Terry:  Thank you for more of the detail.  My mother was also an alcoholic.  When I was a child she was loving and kind, but turned to alcohol when I got older.  My father used to sleep with other women and I think she knew and it was her way to get back at him, but then it consumed her and I think eventually led to all the health problems she had which eventually ended her life.  She died fairly young.  Your artwork has such a vibrant feel in it.  I could not quite understand where that was coming from, but now that you explain it, makes more sense.  It feels my own work is about searching for beauty and the extraordinary sensuality of others in the ordinary.  Most of the people I photograph were just average people I met in passing and asked if I could photograph them.  When they saw their own beauty it’s changed their own perception of who they were and gave them more confidence and self worth.  I too used to help the less fortunate and was drawn to people homeless and on the street.  

So many of your images are about water and what looks like a beach.  Tell me more about this period what inspires them?  I also begin to see an older bearded man emerge in the work, who is this?  And what is the tower?

Sebastian:  I think that art is always the searching of beauty, even in the worst situations that we experience; we always try to make our best. Of course when there is something hard to express, or something that makes us feel sorrow, pain or mad, the images will express it in another way than beauty.

It's great knowing you looking for that beauty that makes life worth to be lived. I am sorry for what happened to your mom. I am sure that she was a very sensitive person who had to use alcohol trying to feel less the hard side of life. Now I understand same about my father, and thanks God cause we have art to make our life better and to express which is not the best, but avoiding drugs and alcohol, which are not the right path to follow.

About water in my paintings, since 2001 when I started representing both sides of the ocean, Mexico and Europe, I called that series "Pasados recientes" meaning that something we live and enjoy is just past a moment after, and some times we try to make it live forever. That happened to me when visiting Europe for the first time in 1999, I had to keep living my reality in Mexico and didn't paint about my feeling in Europe until I came again for a second time at the end of 2000.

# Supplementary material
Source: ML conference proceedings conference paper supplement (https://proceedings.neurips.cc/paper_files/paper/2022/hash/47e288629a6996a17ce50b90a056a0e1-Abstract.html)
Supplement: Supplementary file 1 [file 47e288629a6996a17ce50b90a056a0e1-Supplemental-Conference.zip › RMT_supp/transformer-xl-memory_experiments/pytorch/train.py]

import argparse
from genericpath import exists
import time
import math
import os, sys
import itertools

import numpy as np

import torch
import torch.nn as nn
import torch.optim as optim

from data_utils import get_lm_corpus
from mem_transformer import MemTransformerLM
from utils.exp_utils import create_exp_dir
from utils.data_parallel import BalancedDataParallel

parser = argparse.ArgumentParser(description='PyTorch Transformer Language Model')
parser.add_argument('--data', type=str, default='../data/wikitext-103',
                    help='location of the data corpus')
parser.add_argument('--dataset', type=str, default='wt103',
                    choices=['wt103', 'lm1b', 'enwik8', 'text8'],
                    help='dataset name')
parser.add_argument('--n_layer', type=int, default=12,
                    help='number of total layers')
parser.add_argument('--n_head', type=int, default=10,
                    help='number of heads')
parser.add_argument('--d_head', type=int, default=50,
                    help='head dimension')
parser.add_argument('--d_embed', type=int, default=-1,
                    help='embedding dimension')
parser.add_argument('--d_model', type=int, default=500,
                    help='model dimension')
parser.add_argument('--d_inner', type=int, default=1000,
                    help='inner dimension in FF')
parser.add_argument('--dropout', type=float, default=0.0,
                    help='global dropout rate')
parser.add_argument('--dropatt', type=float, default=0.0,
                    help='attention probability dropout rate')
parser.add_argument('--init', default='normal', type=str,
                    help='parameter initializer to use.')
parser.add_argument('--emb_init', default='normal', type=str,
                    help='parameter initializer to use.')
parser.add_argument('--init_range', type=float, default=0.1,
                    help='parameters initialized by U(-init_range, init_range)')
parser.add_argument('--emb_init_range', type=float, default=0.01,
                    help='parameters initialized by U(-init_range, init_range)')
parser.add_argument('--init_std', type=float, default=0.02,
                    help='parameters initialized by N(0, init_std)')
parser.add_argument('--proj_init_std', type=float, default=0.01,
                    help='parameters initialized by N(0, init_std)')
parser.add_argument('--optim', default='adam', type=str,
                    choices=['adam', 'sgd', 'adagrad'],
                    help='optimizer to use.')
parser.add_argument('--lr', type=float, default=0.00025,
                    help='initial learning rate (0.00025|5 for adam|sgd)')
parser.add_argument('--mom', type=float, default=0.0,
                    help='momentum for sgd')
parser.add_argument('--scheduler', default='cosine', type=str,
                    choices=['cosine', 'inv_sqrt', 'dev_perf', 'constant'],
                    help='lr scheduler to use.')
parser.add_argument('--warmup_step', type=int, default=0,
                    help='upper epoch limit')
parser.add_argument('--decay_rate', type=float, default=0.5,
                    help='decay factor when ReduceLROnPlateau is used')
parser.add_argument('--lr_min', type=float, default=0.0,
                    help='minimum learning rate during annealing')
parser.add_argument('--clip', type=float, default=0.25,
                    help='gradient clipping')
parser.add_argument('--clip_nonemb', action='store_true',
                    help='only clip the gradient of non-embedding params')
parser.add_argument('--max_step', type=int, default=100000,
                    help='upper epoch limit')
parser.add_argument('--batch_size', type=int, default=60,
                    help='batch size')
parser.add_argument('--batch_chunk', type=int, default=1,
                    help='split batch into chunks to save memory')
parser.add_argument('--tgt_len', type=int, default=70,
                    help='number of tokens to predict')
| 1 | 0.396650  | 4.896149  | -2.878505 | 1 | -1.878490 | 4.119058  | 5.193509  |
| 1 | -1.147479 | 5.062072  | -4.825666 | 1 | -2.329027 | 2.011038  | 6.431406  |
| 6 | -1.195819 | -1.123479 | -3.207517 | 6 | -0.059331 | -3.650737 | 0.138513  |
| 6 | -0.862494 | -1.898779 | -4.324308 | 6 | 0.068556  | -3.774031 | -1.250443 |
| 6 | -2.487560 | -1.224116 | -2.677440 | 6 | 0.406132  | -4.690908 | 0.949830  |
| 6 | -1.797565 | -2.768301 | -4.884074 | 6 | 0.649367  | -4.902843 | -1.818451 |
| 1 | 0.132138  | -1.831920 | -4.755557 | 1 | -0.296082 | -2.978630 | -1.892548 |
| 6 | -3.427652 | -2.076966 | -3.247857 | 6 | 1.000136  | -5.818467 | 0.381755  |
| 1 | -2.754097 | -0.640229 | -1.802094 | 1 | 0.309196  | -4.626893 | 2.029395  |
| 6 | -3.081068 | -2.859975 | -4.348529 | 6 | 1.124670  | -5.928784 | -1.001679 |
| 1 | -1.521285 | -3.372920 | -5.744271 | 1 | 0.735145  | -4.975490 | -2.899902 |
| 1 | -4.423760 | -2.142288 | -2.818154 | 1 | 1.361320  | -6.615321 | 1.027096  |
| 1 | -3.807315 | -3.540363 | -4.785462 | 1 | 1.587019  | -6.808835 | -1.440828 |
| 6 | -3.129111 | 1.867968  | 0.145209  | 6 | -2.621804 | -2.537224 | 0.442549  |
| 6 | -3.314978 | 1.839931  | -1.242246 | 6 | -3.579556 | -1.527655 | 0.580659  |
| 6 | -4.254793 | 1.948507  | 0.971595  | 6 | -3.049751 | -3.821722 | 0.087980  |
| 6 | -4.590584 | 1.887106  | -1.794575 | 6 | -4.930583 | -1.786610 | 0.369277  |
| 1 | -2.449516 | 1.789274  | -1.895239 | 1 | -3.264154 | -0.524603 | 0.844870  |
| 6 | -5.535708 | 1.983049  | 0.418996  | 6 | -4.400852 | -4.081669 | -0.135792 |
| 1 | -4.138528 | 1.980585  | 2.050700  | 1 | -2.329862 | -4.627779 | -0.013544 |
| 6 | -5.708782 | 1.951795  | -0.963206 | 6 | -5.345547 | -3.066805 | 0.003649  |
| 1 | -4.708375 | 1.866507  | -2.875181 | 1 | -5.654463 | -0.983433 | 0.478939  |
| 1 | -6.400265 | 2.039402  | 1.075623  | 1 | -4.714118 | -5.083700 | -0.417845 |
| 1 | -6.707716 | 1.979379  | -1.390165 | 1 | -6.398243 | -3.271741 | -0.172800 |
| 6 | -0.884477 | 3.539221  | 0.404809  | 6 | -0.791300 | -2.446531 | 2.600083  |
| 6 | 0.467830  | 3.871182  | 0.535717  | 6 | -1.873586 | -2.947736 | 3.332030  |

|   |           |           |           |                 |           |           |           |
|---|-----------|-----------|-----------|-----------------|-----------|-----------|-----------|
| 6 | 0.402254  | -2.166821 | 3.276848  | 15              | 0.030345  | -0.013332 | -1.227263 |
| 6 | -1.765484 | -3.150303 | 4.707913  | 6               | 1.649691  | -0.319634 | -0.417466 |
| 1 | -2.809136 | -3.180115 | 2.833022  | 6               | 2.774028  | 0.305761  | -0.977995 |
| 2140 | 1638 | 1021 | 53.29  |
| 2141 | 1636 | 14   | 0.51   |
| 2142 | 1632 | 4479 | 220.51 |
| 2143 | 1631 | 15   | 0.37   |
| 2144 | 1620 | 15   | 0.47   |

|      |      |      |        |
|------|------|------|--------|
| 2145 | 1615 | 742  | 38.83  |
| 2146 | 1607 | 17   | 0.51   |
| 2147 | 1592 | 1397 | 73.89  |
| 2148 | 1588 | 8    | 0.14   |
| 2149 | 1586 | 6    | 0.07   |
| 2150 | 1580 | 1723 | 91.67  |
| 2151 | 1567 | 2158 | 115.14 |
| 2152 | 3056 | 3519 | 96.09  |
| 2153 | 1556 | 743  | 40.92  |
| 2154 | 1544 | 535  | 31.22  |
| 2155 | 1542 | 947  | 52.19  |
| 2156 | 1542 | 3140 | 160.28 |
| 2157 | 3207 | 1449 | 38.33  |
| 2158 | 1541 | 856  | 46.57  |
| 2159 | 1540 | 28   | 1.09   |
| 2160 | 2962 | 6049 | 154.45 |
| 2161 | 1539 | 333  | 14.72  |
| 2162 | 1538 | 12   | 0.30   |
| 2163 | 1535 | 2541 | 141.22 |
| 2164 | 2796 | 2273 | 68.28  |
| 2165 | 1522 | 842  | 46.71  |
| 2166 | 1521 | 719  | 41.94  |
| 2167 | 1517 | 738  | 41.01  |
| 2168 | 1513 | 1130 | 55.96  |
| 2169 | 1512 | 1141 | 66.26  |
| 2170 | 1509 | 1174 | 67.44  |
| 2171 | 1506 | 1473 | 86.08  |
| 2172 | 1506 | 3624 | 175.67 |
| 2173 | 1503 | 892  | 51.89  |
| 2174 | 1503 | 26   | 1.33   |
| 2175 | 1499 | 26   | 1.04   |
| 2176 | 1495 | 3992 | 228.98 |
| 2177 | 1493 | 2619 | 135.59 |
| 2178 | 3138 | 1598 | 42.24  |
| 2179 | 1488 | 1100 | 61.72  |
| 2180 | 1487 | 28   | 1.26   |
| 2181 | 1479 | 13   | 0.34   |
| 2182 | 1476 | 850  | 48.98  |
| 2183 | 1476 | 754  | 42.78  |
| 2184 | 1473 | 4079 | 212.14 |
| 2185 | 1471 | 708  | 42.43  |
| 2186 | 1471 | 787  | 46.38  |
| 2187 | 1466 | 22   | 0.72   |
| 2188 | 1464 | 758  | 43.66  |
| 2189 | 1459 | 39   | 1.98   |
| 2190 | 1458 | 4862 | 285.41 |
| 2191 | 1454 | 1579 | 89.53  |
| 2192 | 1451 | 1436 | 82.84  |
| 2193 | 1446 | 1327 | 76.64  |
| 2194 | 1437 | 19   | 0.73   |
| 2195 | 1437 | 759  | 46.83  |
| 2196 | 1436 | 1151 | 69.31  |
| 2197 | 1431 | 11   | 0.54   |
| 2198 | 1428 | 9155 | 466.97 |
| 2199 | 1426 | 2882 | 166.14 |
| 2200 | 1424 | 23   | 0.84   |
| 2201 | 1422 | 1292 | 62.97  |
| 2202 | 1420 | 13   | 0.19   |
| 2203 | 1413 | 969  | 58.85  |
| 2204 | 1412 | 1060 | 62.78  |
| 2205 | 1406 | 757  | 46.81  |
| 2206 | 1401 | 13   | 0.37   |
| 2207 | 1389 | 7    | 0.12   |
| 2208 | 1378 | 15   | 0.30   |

To me water was the element that separated me from the other continent, but at a same time was the link between my country, my present reality and that recent past I have lived and enjoyed when looking to the beauty of art and life in some European countries.

The first time I came to Europe I’ve said to a friend that I could happily die after visiting and looking to the beauty of Venice and other cities. But my friend said, no, you don't need to die, but live to go Europe once and again, and many times in the future. But I wanted to live here, so I started dreaming on coming and living here.

That is why the paintings join images from Mexican beaches, with monuments of Europe. And those paintings talk about dreaming, and wanting to come again here.

Terry:  I think this is the year your work really comes to life for me.  It seems stronger, bolder, more emotionally connected.  Are these ideas true?  So I would like to ask you, how old are you?  Do you make your living through your painting?  If not what else do you do to sustain yourself?  

Sebastian:  In 2002 I was in the last year of my Fine Art studies in Mexico City, but I had already decided to come to live in Europe. By that time I have met a man in Germany that I felt in love with and I thought he could be my partner when moving here. I also thought he could help me to find my way in Europe. But that didn't happened, so I started a relationship with the guy who is my partner since then.

That year was full of emotions, as I had met the man in Germany at the end of 2001 with whom I felt in love with, then he went to Mexico to visit my country, and he also met my family and friends. So when I came to his place in Munich I was thinking on our life together. But that didn't happened because he refused supporting me as an immigrant in his country, so got totally depressed, but life gave me another chance when meeting my current partner. I started a relationship with him while in an artist residence in Spain, and eventually we got married in 2006.

The painting series are called "Rutas de Vuelo" cause that year started for me in Paris celebrating under the Eiffel tower, then flying back to Mexico, after going again to Europe and back again, as in the start I was looking for a legal status to live here, but it was not easy to achieve.

The painting called "Red sky over Europe" represents the death kiss, that I took from an sculpture in Poblenou Cementery of Barcelona. I made it cause I feel that death and love can be together as both sides of a coin. Eros and Tanatos.  Life, death, passion, sex and pleasure is a way to feel alive, while repressing or denying our desires is kind of a death in life.

Sueño en camino is a guy that is remembering his past life, wanting to grow up, and also wanting to have a partner, as a father, cause he didn't have a real one.

In "Tradicion oral" (above) I play with the meaning of oral sex, and how we love it, cause it reminds us the good feelings of being fed while child. That is why a teddy bear is close that couple.